“I have explained how we can use the market to tell us the right DSGE. But we can also use it to incentivize the creation of better models, microfounded or not. Think about how Nate Silver made election forecast history in 2008 and again in 2012. He relied a little bit on polls (statistical estimates or individual DSGEs) and a bit on Intrade (the prediction market). He decided he knew better than the market as a whole – and way, way better than some idiotic estimates from Rasmussen or Gallup. He profited. Of course, if he did bet on a prediction market, his winnings were limited by the fact that everyone else thought Obama would win as well.

    An election forecast is discrete (though it may be analogized in the form of distributions etc.) The growth rate of productivity, wages, capital, and GDP are not. If I’m a Nate Silver, and I feel the current favorite of the prediction market can be improved, I go home and create a nice little DSGE. I’m also the first one to know about this DSGE, by definition. I form a subjective prior on the veracity of my product, which ipso facto should be higher than my odds that the market pick is right, and upload it to the market, and place my (relatively) high odds on the pick: and a nice, juicy bet.

    If it turns out my model does “beat the market”, I’ll earn a healthy sum until other models and the market-pick tweak it into the average (weak EMH-ish). Suddenly, model designers across the world are incentivized not just to create DSGEs that will most beautifully grace the letters of AER or impress friends, but those that will best predict out-of-sample trends. So not only do we have a better aggregation of existing models and parameters which itself is hugely useful, but we have, without any cost, incentivized people to create a better model. Furthermore, you may not be a model designer but a econometrician. You now have the incentive to gather the best estimates of future parameters and tweak it off your DSGE of choice. Clearly such a market will also encourage cleaner and better statistics, as the goal is now accuracy not publication.”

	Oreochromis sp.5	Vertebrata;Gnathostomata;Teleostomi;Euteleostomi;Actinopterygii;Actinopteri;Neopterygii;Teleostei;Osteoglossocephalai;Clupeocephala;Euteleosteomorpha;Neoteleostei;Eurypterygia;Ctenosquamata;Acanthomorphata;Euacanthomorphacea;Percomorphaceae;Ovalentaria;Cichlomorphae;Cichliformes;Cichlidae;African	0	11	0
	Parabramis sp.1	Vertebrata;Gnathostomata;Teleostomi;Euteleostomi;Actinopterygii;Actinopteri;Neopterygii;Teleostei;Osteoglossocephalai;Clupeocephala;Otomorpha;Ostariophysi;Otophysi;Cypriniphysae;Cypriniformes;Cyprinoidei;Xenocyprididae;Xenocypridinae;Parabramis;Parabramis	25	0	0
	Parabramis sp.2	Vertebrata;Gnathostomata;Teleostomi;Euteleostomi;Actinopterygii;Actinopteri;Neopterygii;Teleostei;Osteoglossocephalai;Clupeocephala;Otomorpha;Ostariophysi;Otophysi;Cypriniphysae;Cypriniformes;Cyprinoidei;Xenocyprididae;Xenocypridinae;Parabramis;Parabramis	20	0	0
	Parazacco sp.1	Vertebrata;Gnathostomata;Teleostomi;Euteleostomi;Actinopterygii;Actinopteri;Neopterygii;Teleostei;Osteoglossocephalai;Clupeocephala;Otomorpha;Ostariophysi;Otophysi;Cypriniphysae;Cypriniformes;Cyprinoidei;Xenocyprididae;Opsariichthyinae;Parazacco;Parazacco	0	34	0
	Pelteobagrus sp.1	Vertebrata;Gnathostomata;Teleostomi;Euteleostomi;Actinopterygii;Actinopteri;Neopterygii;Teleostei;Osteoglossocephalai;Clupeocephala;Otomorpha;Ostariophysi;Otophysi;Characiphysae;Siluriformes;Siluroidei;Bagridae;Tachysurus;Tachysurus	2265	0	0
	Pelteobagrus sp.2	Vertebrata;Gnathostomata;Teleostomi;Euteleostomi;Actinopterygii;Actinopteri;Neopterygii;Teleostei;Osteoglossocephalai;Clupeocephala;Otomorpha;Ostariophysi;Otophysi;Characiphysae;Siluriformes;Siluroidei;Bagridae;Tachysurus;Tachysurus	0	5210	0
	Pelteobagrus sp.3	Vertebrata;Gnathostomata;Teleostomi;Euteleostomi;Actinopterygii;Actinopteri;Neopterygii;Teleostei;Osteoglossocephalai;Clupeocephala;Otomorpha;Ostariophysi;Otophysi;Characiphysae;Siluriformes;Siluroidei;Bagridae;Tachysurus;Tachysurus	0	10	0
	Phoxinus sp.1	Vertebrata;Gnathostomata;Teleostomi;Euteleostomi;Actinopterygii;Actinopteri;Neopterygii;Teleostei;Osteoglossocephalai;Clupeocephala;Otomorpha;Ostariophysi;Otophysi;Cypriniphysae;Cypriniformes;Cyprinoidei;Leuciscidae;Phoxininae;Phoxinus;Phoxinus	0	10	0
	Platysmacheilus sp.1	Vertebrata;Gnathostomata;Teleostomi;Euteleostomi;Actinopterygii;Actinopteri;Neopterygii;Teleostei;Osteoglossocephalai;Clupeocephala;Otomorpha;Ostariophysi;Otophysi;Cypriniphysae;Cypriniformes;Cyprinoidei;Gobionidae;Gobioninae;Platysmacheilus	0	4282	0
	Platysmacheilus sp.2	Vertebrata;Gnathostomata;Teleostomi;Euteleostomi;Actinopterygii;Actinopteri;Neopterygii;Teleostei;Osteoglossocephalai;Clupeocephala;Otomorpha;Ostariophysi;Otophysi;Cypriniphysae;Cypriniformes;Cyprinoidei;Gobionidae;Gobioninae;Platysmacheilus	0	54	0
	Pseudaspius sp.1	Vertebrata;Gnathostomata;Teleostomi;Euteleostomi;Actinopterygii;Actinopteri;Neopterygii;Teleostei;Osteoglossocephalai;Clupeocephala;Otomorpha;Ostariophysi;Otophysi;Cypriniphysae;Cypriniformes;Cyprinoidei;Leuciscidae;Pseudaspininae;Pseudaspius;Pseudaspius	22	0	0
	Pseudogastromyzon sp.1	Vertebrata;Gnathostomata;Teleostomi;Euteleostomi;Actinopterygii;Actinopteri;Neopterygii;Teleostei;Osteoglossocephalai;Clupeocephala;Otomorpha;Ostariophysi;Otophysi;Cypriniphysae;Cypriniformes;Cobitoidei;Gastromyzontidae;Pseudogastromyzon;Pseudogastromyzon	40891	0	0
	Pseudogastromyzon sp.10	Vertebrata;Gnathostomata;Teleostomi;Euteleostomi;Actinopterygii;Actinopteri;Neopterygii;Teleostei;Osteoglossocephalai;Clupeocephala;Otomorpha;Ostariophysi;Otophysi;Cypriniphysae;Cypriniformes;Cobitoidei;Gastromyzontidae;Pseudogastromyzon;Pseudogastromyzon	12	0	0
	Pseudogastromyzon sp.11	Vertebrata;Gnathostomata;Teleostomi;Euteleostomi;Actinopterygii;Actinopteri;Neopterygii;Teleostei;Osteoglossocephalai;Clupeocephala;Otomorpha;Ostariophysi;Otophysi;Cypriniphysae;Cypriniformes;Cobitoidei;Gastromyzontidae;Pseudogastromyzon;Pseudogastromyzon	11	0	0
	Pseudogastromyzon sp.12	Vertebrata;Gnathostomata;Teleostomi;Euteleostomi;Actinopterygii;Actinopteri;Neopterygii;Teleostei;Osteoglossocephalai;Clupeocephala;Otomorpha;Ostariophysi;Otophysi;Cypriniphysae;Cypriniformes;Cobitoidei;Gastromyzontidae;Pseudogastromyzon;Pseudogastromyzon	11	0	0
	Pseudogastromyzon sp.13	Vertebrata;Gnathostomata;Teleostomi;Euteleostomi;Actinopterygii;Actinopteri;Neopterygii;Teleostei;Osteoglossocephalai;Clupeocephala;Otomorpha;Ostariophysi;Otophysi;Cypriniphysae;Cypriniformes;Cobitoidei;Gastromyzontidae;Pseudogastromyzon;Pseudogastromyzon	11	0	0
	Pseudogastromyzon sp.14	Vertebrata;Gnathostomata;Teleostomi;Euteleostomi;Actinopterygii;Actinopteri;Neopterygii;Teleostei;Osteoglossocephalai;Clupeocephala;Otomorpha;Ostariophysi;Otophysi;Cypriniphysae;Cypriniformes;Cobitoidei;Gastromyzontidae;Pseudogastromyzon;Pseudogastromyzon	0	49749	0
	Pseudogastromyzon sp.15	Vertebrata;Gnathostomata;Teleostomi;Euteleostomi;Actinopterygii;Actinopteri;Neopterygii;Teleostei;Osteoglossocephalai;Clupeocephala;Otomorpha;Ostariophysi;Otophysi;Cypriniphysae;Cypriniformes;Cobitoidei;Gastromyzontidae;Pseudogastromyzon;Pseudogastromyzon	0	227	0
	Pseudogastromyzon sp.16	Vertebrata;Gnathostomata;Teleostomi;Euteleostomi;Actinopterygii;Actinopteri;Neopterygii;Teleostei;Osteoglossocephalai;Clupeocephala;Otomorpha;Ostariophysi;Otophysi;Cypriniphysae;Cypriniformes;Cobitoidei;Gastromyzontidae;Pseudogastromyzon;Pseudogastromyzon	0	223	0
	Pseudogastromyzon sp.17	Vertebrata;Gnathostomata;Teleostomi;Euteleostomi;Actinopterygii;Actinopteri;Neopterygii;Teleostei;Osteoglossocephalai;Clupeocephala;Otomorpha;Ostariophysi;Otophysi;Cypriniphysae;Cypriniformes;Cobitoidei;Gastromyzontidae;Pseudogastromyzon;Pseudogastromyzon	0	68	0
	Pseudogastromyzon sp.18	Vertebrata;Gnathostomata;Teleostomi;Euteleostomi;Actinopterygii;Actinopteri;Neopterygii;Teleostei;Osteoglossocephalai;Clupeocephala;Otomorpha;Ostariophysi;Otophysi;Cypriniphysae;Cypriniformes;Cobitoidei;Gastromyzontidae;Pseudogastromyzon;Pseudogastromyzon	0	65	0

So I think you get most of my claim right in your challenge, but I want to note the possibility to the contrary as well. However, this operates through a different channel altogether, rather than the “tax on bullshit”.

    It is not like academics today are inundated in predictions and have a hard time deciding which is bullshit. It’s not like every time some guy predicts 50% inflation tomorrow my life is worse. No externalities. Why tax?

    So without expecting everyone to bet you a) get a flood of idiotic predictions and b) get a few gems. But since we respect bets from models and not random luck, the few gems would eventually prove really successful even without betting and receive the attention they deserve. And the crappy ones would do no harm.